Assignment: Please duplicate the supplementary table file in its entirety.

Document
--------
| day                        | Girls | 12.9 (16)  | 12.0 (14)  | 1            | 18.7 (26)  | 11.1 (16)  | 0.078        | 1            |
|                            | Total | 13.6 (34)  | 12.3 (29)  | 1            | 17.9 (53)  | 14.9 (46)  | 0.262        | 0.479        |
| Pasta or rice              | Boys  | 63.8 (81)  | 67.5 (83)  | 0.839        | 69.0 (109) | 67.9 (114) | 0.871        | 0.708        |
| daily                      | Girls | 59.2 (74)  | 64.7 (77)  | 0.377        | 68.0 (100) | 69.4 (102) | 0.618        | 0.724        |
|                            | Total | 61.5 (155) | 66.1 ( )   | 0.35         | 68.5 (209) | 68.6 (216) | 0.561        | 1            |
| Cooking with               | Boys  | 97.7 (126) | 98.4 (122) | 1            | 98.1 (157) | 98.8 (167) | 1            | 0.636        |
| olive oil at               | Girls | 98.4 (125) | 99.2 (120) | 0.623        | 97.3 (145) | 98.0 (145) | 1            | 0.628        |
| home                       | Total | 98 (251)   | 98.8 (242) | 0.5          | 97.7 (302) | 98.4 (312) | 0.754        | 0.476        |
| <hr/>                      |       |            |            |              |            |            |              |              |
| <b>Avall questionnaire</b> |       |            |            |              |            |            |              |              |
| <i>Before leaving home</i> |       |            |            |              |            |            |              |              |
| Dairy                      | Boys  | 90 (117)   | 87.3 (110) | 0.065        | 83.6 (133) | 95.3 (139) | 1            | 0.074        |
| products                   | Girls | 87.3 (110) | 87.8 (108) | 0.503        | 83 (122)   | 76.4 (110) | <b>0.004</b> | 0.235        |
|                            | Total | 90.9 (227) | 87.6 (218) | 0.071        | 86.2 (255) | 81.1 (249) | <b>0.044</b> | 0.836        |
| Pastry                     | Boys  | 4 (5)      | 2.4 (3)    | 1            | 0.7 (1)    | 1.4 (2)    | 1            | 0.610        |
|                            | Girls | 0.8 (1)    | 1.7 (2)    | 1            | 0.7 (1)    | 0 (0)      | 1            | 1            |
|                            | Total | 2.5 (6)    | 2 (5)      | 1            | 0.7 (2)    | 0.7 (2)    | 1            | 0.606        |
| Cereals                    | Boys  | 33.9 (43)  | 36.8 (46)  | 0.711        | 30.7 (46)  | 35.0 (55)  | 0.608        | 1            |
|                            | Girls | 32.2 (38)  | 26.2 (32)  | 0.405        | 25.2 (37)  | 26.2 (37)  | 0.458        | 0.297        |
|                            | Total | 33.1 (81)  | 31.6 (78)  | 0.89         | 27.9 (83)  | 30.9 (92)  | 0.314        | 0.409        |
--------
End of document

| day                        | Girls | 12.9 (16)  | 12.0 (14)  | 1            | 18.7 (26)  | 11.1 (16)  | 0.078        | 1            |
|                            | Total | 13.6 (34)  | 12.3 (29)  | 1            | 17.9 (53)  | 14.9 (46)  | 0.262        | 0.479        |
| Pasta or rice              | Boys  | 63.8 (81)  | 67.5 (83)  | 0.839        | 69.0 (109) | 67.9 (114) | 0.871        | 0.708        |
| daily                      | Girls | 59.2 (74)  | 64.7 (77)  | 0.377        | 68.0 (100) | 69.4 (102) | 0.618        | 0.724        |
|                            | Total | 61.5 (155) | 66.1 ( )   | 0.35         | 68.5 (209) | 68.6 (216) | 0.561        | 1            |
| Cooking with               | Boys  | 97.7 (126) | 98.4 (122) | 1            | 98.1 (157) | 98.8 (167) | 1            | 0.636        |
| olive oil at               | Girls | 98.4 (125) | 99.2 (120) | 0.623        | 97.3 (145) | 98.0 (145) | 1            | 0.628        |
| home                       | Total | 98 (251)   | 98.8 (242) | 0.5          | 97.7 (302) | 98.4 (312) | 0.754        | 0.476        |
| <hr/>                      |       |            |            |              |            |            |              |              |
| <b>Avall questionnaire</b> |       |            |            |              |            |            |              |              |
| <i>Before leaving home</i> |       |            |            |              |            |            |              |              |
| Dairy                      | Boys  | 90 (117)   | 87.3 (110) | 0.065        | 83.6 (133) | 95.3 (139) | 1            | 0.074        |
| products                   | Girls | 87.3 (110) | 87.8 (108) | 0.503        | 83 (122)   | 76.4 (110) | <b>0.004</b> | 0.235        |
|                            | Total | 90.9 (227) | 87.6 (218) | 0.071        | 86.2 (255) | 81.1 (249) | <b>0.044</b> | 0.836        |
| Pastry                     | Boys  | 4 (5)      | 2.4 (3)    | 1            | 0.7 (1)    | 1.4 (2)    | 1            | 0.610        |
|                            | Girls | 0.8 (1)    | 1.7 (2)    | 1            | 0.7 (1)    | 0 (0)      | 1            | 1            |
|                            | Total | 2.5 (6)    | 2 (5)      | 1            | 0.7 (2)    | 0.7 (2)    | 1            | 0.606        |
| Cereals                    | Boys  | 33.9 (43)  | 36.8 (46)  | 0.711        | 30.7 (46)  | 35.0 (55)  | 0.608        | 1            |
|                            | Girls | 32.2 (38)  | 26.2 (32)  | 0.405        | 25.2 (37)  | 26.2 (37)  | 0.458        | 0.297        |
|                            | Total | 33.1 (81)  | 31.6 (78)  | 0.89         | 27.9 (83)  | 30.9 (92)  | 0.314        | 0.409        |